Recently Mayor Michael Bloomberg learned that his Big Gulp ban had been blocked by a state Supreme Court judge for arbitrarily targeting these consumer goods without a legal rationale. Determined to combat the obesity epidemic, Bloomberg will no doubt appeal this decision. But he shouldn’t. Instead, he should look back at the history of alcohol prohibition and recognize that taxing sugar is a much better way to combat obesity than banning sugary beverages.
In 1791, Alexander Hamilton was trying to figure out how the nascent U.S. government could pay for its activities. The US government was quite lean in those early days, but not so lean it didn’t need a bit of revenue. Hamilton was trying to think of a fair and efficient way of collecting funds, when he had an aha moment: alcohol! “There appears to be no article” he wrote “…which is an object of more equal consumption throughout the U.S.”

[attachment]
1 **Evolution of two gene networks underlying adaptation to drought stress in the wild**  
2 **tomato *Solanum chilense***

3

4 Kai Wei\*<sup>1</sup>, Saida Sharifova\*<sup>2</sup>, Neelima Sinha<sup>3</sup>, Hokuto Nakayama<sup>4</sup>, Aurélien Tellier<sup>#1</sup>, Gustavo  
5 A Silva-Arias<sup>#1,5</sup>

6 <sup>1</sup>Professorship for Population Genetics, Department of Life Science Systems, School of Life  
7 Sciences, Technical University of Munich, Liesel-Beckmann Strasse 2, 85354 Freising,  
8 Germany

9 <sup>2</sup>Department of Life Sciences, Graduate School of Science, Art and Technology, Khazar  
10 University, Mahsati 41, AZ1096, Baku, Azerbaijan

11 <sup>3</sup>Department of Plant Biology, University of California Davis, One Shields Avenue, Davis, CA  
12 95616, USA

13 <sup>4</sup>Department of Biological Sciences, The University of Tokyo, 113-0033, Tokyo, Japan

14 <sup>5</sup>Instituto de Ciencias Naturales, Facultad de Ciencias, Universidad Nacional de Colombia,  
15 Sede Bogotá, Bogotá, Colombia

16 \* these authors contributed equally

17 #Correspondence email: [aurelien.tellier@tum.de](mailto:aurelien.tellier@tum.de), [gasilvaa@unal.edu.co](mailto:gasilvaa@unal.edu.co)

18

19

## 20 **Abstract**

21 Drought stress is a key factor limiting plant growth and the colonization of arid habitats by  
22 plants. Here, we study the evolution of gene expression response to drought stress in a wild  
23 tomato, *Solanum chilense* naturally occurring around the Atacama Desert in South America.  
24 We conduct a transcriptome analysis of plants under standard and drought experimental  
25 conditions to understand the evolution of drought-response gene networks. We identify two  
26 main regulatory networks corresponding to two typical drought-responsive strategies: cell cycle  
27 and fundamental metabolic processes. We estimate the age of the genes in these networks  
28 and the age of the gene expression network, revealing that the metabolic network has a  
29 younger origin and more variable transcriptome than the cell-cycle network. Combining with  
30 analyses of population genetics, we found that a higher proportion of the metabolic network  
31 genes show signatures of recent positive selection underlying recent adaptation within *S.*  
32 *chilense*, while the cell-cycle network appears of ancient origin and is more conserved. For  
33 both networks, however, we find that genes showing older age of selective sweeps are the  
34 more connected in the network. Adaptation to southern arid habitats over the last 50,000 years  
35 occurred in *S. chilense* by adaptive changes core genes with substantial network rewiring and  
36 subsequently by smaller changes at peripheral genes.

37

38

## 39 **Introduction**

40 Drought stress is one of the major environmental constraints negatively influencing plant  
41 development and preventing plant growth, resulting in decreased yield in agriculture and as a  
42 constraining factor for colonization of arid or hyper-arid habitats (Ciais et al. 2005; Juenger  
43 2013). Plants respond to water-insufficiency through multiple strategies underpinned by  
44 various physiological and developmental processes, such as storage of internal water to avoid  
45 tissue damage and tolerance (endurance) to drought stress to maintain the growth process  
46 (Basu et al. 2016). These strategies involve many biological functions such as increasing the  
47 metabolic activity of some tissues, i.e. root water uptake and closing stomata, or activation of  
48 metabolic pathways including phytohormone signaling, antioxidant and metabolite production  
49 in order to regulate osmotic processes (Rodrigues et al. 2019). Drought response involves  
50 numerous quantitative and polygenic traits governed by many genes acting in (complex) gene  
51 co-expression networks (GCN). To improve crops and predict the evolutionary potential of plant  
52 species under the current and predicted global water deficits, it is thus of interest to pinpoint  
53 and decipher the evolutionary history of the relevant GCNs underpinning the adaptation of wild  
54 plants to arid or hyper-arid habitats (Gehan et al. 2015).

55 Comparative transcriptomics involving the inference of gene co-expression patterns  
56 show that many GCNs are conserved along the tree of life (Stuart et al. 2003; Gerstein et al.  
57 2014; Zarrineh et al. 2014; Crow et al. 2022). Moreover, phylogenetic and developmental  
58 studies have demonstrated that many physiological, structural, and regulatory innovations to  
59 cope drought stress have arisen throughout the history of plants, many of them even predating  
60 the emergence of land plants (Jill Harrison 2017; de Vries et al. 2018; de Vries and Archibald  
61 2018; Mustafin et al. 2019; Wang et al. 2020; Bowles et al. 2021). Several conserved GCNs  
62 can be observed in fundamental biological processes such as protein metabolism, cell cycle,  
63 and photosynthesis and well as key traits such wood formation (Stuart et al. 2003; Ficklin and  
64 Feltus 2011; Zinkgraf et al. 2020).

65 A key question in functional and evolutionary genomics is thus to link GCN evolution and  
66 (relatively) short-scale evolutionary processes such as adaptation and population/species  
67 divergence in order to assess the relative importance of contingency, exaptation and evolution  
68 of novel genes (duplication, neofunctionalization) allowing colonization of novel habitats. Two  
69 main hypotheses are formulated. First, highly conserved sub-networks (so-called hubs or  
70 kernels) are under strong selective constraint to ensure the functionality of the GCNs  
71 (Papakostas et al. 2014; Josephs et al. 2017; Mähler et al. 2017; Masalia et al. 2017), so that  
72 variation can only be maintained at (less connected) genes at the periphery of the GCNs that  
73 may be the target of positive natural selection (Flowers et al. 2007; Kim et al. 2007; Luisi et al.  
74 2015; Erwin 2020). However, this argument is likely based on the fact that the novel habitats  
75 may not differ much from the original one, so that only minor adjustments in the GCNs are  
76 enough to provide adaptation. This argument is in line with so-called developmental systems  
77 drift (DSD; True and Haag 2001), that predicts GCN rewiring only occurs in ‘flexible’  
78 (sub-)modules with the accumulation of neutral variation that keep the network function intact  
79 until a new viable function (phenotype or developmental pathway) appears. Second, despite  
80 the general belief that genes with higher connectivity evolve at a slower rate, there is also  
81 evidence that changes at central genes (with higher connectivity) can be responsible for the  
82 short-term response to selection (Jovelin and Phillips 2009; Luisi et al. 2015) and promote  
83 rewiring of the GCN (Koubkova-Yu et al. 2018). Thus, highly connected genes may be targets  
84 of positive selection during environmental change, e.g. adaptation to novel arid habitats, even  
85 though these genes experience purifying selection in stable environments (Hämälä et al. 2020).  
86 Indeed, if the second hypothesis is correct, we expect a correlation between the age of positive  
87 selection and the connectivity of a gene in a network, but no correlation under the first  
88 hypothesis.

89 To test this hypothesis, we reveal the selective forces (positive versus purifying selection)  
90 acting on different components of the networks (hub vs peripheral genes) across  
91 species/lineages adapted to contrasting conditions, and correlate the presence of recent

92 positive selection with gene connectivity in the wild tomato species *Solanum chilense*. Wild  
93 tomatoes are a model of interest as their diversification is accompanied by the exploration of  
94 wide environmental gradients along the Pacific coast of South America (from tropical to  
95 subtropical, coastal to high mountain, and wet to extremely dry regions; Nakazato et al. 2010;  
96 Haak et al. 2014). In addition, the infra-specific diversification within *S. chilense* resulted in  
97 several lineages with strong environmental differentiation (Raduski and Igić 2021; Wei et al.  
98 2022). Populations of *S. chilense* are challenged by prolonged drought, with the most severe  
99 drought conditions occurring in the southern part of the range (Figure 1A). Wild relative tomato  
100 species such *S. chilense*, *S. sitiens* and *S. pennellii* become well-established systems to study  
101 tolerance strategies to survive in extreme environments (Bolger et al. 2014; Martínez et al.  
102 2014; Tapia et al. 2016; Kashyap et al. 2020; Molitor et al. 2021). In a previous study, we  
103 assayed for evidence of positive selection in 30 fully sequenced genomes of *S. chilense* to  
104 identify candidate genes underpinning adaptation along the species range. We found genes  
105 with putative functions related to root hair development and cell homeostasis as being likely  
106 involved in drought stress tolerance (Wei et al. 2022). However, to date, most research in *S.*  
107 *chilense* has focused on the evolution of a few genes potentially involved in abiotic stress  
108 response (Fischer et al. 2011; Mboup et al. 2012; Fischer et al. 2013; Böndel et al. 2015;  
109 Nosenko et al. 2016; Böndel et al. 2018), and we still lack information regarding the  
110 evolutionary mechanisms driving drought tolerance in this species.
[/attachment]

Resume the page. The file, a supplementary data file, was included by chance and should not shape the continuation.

Whether rich or poor, northern or southern, Hamilton realized that most men drank, meaning that an alcohol tax would be spread across the population relatively evenly, and wouldn’t require a complex bureaucracy to determine if everyone is paying their fair share. True, some people drank to excess and this tax would hurt them hard. But on the other hand, the tax might even help them. As Daniel Okrent points out in his book Last Call: “Hamilton even found social value in taxing alcohol: it might discourage people from drinking the stuff.”
Sin taxes, it turns out, have been part of the American fabric since the days when we first stitched thirteen states together into a unified country… (Read more and view comments at Forbes)